Currently, guidelines to date regarding the treatment of blunt force traumatic pneumothoraxes in the pediatric patient population, and management is guided by existing guidelines in adults. Current guidelines that are commonly used for the management of spontaneous pneumothorax in adults include those proposed by the American College of Chest Physicians (ACCP), the European Respiratory Society (ERS), and the British Thoracic Society (BTS). The ERS and BTS guidelines emphasize the importance of clinical symptoms over the size of the pneumothorax to guide care, while the ACCP recommends the placement of an intercostal drain for a pneumothorax larger than 20% of the hemithorax, regardless of symptoms. The use of needle aspiration, chest tube insertion, oxygen administration, or surgical innovations is addressed in these guidelines [8,9].

Current guidelines suggest treating symptomatology rather than the size of the pneumothorax. If the size is small and the patient is asymptomatic, then a conservative approach is the best choice. Simple needle aspiration may be effective in up to 70% of cases if the patient has been hospitalized and oxygen therapy has not produced symptom relief. Chest tube insertion is needed when needle aspiration has failed or if significant symptoms develop [10].

Considering our patient was clinically stable with minimal symptoms, easy access to care, and a relatively small pneumothorax on imaging, conservative management with close outpatient follow-up was recommended. The patient was counseled regarding signs and symptoms of worsening pneumothorax, including worsening chest pain, shortness of breath, and pain with breathing or respiratory distress.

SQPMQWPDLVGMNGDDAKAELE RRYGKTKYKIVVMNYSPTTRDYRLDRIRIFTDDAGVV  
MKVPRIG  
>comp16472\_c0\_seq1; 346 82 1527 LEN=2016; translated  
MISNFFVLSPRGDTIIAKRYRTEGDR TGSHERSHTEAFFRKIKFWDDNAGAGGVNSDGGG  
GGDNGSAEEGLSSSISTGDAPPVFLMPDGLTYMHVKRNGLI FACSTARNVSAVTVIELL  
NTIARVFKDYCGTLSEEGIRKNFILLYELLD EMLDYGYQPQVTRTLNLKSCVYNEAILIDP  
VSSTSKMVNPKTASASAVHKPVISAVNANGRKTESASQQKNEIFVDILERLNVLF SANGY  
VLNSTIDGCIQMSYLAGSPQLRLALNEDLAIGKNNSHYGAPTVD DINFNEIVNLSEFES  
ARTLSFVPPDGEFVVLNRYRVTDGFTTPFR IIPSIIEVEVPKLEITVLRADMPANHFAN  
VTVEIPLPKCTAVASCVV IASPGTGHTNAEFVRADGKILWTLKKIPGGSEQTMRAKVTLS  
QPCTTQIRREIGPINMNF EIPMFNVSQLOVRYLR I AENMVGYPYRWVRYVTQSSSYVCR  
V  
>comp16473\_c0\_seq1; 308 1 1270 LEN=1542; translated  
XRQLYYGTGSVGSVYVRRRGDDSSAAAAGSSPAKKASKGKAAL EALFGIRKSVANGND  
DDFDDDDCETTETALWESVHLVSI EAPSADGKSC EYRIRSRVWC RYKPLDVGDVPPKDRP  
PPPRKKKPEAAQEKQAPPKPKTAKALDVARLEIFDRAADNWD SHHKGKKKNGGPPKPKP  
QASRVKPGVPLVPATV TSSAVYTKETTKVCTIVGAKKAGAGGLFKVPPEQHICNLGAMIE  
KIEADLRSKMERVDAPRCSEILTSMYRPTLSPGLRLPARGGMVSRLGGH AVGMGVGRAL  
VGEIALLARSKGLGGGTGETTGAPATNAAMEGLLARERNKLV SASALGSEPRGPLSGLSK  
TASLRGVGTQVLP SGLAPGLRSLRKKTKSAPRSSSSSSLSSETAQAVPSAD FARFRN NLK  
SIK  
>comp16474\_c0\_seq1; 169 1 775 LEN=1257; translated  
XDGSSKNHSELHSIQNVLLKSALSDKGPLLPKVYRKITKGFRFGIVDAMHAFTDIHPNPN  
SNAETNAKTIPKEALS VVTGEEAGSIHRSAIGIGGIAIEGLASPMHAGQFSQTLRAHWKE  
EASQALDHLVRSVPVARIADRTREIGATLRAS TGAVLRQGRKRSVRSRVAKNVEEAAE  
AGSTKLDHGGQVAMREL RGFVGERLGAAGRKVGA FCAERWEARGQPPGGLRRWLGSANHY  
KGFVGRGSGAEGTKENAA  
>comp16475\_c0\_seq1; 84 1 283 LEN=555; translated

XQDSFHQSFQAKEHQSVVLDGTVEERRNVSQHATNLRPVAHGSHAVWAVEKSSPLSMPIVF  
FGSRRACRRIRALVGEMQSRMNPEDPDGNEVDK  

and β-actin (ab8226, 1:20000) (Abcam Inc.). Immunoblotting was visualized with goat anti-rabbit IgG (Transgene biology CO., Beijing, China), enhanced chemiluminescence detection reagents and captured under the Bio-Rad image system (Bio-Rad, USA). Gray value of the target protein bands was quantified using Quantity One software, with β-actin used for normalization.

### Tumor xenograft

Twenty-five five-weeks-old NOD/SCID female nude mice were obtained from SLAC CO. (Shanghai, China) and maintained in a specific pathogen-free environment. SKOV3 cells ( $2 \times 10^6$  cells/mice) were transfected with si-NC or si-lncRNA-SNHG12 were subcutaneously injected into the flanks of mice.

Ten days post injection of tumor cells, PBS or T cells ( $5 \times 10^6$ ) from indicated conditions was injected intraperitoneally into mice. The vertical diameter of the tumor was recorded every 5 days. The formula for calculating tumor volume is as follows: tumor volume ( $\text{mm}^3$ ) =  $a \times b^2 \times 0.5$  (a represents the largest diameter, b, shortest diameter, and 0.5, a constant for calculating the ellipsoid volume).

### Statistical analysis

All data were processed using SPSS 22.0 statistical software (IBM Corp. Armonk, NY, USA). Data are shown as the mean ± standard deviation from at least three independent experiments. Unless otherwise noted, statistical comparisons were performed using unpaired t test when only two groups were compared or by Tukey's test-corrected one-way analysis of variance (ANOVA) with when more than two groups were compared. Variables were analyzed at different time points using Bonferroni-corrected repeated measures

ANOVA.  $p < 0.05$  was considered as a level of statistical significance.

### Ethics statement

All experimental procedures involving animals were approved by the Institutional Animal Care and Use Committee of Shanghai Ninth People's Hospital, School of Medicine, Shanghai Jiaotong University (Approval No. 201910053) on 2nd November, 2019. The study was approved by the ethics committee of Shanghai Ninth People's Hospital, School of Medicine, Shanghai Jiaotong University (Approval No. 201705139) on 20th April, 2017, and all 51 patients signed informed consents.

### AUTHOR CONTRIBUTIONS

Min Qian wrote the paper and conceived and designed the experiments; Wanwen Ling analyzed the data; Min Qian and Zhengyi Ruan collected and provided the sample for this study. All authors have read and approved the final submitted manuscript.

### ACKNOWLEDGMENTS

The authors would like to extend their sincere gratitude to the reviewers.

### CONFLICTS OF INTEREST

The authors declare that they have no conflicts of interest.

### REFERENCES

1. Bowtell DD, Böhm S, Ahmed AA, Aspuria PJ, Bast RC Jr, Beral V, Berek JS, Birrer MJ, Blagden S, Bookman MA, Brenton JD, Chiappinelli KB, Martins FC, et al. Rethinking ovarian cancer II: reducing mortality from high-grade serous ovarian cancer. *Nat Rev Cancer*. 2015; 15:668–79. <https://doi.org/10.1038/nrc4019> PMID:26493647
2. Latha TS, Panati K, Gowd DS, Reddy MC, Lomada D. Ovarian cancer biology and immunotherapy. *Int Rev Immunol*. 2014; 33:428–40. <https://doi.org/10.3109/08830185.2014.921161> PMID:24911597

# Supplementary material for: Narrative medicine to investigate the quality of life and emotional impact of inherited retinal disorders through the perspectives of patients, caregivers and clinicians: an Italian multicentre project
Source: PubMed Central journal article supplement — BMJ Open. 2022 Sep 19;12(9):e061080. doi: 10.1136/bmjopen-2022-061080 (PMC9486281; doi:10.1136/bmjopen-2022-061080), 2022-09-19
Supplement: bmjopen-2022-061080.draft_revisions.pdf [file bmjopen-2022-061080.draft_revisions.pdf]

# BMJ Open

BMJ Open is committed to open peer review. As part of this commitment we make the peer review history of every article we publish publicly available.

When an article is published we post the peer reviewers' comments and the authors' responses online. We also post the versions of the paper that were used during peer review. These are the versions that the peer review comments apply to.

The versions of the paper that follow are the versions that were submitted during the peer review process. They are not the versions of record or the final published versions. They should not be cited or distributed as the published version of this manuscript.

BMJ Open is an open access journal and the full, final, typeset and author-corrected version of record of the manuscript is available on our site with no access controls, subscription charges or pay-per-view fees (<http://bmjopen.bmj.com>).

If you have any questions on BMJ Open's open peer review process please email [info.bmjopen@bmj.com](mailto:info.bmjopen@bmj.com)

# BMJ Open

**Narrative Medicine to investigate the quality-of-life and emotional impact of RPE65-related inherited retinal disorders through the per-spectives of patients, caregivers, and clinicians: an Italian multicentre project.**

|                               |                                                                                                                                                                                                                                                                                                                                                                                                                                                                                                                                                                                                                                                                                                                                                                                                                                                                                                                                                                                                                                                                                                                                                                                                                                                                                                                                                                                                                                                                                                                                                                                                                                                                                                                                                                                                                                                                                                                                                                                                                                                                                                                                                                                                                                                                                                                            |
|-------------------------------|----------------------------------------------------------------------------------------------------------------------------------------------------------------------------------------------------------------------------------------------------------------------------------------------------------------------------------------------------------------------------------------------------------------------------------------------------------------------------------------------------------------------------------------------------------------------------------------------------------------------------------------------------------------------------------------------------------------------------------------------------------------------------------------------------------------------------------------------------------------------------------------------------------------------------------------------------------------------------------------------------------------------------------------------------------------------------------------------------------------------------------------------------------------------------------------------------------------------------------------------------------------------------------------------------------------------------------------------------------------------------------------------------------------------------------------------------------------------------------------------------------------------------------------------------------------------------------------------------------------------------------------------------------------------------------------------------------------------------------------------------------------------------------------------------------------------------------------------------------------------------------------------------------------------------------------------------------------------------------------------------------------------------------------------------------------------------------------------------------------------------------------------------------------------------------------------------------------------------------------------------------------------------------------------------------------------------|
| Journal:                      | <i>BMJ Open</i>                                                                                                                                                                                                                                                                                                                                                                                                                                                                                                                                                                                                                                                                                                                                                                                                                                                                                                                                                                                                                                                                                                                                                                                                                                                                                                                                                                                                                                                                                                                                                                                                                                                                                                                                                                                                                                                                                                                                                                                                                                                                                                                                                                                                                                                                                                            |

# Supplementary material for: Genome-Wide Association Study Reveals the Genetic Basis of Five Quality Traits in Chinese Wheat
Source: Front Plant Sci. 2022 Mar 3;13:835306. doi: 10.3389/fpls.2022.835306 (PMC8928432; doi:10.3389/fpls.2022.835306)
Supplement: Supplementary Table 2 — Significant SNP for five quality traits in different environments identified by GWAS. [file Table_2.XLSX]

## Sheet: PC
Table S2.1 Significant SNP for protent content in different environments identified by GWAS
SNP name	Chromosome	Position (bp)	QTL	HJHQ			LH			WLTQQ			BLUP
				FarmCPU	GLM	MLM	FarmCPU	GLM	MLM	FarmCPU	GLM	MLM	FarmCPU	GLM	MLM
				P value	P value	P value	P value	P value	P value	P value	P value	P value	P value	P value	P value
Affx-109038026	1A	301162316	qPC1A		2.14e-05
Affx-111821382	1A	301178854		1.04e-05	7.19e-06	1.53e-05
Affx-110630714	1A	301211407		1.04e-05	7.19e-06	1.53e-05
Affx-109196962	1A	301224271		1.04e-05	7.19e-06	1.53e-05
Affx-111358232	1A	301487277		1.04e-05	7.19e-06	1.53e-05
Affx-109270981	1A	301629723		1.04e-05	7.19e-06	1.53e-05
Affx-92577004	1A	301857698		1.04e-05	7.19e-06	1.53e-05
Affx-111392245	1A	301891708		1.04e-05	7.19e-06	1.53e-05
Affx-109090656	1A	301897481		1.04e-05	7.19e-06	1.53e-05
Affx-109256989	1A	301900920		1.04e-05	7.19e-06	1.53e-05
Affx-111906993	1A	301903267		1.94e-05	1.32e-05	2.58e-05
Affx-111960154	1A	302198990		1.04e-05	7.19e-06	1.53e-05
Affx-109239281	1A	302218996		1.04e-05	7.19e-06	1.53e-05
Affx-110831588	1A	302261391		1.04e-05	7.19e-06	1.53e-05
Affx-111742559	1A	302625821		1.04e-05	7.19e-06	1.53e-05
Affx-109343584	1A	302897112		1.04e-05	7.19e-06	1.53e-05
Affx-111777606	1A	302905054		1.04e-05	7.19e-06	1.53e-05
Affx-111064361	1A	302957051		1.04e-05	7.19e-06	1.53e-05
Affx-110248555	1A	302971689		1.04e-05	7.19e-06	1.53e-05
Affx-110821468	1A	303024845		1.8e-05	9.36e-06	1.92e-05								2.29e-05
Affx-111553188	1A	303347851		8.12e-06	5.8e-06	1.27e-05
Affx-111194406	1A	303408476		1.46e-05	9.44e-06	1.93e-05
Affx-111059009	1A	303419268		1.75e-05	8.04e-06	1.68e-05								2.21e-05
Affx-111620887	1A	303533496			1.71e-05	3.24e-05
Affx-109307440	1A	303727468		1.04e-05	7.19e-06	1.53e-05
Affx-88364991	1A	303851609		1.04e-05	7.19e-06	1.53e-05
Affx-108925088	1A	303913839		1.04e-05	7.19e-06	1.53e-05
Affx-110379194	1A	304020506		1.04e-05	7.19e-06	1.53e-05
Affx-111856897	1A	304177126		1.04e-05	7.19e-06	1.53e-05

Our patient had substantial improvement both clinically and on imaging at one-week follow-up; therefore, the patient was discharged with contact sports precautions. Given that a primary spontaneous pneumothorax could not be excluded, the patient was advised that there is a risk of recurrence, especially in pediatric populations. Recurrence of a pneumothorax may suggest an underlying cause, and further workup may be indicated at that time. At the time of this publication, the patient remains asymptomatic without recurrent pneumothorax.


We present the case of a healthy male adolescent who presented to the outpatient clinic with a history of chest pain that began after a fall at football practice two days prior. The diagnosis of traumatic pneumothorax was made after a thorough physical exam, history, and imaging were completed. Possible contributing risk factors and underlying medical conditions were considered and ruled out, leading to the diagnosis of blunt force trauma as the cause of his pneumothorax. While athletic activities and injuries are common in the adolescent population, to the best of our knowledge, this is the first case report of its kind discussing the development of a pneumothorax in a healthy adolescent after a forceful fall at football practice.


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Case report

Pneumothorax After a Fall in a Healthy Adolescent Athlete

Author Information

Tristin Latty

Pediatrics, University of Florida, Gainesville, USA

Rebekah J. Soto

Pediatrics, University of Florida, Jacksonville, USA

Carlos A. Arango Corresponding Author

Pediatrics, University of Florida, Jacksonville, USA

Ethics Statement and Conflict of Interest Disclosures

Human subjects: Consent was obtained or waived by all participants in this study. Conflicts of interest: In compliance with the ICMJE uniform disclosure form, all authors declare the following: Payment/services info: All authors have declared that no financial support was received from any organization for the submitted work. Financial relationships: All authors have declared that they have no financial relationships at present or within the previous three years with any organizations that might have an interest in the submitted work. Other relationships: All authors have declared that there are no other relationships or activities that could appear to have influenced the submitted work.

Case report

Pneumothorax After a Fall in a Healthy Adolescent Athlete

Figures etc.